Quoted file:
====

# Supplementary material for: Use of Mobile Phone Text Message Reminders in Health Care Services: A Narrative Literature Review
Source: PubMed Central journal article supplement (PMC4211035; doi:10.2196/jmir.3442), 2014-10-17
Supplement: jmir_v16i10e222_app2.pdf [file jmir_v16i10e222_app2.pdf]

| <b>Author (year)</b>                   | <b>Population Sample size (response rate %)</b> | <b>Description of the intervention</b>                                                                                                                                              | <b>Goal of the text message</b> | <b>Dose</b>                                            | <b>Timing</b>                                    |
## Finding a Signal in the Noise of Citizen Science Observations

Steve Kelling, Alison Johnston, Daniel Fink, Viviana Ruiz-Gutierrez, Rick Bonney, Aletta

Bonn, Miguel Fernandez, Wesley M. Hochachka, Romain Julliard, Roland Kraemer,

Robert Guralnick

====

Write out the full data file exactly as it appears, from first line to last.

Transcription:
# Supplementary material for: Use of Mobile Phone Text Message Reminders in Health Care Services: A Narrative Literature Review
Source: PubMed Central journal article supplement (PMC4211035; doi:10.2196/jmir.3442), 2014-10-17
Supplement: jmir_v16i10e222_app2.pdf [file jmir_v16i10e222_app2.pdf]

| <b>Author (year)</b>                   | <b>Population Sample size (response rate %)</b> | <b>Description of the intervention</b>                                                                                                                                              | <b>Goal of the text message</b> | <b>Dose</b>                                            | <b>Timing</b>                                    |
## Finding a Signal in the Noise of Citizen Science Observations

Steve Kelling, Alison Johnston, Daniel Fink, Viviana Ruiz-Gutierrez, Rick Bonney, Aletta

Bonn, Miguel Fernandez, Wesley M. Hochachka, Romain Julliard, Roland Kraemer,

Robert Guralnick